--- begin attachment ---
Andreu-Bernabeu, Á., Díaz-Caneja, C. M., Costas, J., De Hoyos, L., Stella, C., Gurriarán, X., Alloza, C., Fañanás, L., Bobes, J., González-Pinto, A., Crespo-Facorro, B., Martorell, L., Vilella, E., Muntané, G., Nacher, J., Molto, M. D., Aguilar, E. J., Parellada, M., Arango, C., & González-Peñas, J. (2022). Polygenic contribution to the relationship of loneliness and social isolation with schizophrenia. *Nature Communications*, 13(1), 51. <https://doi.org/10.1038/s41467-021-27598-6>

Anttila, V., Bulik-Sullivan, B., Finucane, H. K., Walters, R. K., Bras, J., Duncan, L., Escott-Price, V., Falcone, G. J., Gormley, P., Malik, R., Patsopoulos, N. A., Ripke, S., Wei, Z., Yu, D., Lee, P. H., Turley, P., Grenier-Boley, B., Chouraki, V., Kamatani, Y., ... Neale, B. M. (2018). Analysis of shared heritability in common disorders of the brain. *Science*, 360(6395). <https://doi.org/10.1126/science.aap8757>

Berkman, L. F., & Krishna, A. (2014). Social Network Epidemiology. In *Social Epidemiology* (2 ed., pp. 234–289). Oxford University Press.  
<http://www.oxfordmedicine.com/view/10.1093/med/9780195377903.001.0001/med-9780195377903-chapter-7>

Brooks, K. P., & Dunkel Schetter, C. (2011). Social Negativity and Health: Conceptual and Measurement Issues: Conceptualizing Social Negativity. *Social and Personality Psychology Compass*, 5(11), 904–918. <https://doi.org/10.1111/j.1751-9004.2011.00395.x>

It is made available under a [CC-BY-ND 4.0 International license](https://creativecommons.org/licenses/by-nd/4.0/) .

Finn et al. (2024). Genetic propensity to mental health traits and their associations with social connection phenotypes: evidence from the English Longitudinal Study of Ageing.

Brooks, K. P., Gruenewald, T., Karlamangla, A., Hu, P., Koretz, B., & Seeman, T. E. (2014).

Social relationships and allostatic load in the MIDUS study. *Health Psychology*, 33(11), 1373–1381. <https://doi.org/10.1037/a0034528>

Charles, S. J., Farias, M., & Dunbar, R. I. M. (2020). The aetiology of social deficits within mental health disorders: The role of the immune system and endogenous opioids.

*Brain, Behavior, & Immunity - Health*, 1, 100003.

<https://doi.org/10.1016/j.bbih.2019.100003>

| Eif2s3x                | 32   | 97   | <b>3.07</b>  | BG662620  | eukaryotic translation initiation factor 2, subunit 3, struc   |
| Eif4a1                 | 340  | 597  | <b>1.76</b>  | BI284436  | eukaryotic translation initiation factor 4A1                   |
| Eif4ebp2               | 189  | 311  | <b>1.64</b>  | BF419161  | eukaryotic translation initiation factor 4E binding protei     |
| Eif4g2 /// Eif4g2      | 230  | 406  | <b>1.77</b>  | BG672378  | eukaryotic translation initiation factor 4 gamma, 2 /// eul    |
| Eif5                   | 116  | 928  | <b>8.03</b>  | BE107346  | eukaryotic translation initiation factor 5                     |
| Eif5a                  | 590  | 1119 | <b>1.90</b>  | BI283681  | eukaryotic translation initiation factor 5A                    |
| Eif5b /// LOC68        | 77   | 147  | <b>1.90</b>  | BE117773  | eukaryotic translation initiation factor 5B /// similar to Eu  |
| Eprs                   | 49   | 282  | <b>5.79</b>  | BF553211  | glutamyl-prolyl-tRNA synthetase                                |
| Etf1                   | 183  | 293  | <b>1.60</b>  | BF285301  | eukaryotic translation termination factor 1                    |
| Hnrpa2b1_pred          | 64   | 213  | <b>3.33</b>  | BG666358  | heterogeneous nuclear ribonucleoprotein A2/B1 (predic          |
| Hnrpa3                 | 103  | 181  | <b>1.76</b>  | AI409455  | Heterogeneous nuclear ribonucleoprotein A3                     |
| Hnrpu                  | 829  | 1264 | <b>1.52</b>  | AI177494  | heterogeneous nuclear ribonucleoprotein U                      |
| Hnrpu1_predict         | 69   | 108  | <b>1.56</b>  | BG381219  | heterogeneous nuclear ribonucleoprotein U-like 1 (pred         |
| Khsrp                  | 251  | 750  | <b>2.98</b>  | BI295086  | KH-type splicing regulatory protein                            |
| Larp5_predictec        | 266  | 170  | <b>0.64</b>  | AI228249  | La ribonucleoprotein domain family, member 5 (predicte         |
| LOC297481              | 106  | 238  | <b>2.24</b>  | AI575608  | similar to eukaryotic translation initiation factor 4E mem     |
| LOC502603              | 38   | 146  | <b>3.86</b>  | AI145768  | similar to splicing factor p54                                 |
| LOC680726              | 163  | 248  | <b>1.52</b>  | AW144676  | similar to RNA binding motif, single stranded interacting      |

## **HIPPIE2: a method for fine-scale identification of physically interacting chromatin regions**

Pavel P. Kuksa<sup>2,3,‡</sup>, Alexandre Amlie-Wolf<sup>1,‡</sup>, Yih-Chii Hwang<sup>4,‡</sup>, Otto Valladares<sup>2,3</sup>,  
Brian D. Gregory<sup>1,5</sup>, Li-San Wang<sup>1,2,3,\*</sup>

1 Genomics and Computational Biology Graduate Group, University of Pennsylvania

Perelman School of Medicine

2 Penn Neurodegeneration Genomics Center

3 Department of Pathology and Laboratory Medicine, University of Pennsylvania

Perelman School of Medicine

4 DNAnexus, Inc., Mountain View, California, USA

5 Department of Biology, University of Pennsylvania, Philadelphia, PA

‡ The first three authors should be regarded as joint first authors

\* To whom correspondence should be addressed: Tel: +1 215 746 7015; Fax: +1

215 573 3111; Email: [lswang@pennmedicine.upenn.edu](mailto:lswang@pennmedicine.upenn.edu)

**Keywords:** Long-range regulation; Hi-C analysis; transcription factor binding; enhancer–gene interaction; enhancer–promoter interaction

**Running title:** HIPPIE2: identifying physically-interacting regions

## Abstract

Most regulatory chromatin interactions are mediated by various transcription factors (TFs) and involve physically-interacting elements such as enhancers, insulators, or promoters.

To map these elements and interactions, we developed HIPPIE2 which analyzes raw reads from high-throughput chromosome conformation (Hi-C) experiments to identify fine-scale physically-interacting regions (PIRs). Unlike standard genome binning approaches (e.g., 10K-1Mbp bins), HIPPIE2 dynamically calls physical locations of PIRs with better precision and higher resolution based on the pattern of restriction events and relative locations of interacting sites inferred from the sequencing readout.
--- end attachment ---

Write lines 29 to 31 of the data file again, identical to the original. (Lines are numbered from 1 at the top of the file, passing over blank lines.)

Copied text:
| LOC502603              | 38   | 146  | <b>3.86</b>  | AI145768  | similar to splicing factor p54                                 |
| LOC680726              | 163  | 248  | <b>1.52</b>  | AW144676  | similar to RNA binding motif, single stranded interacting      |

## **HIPPIE2: a method for fine-scale identification of physically interacting chromatin regions**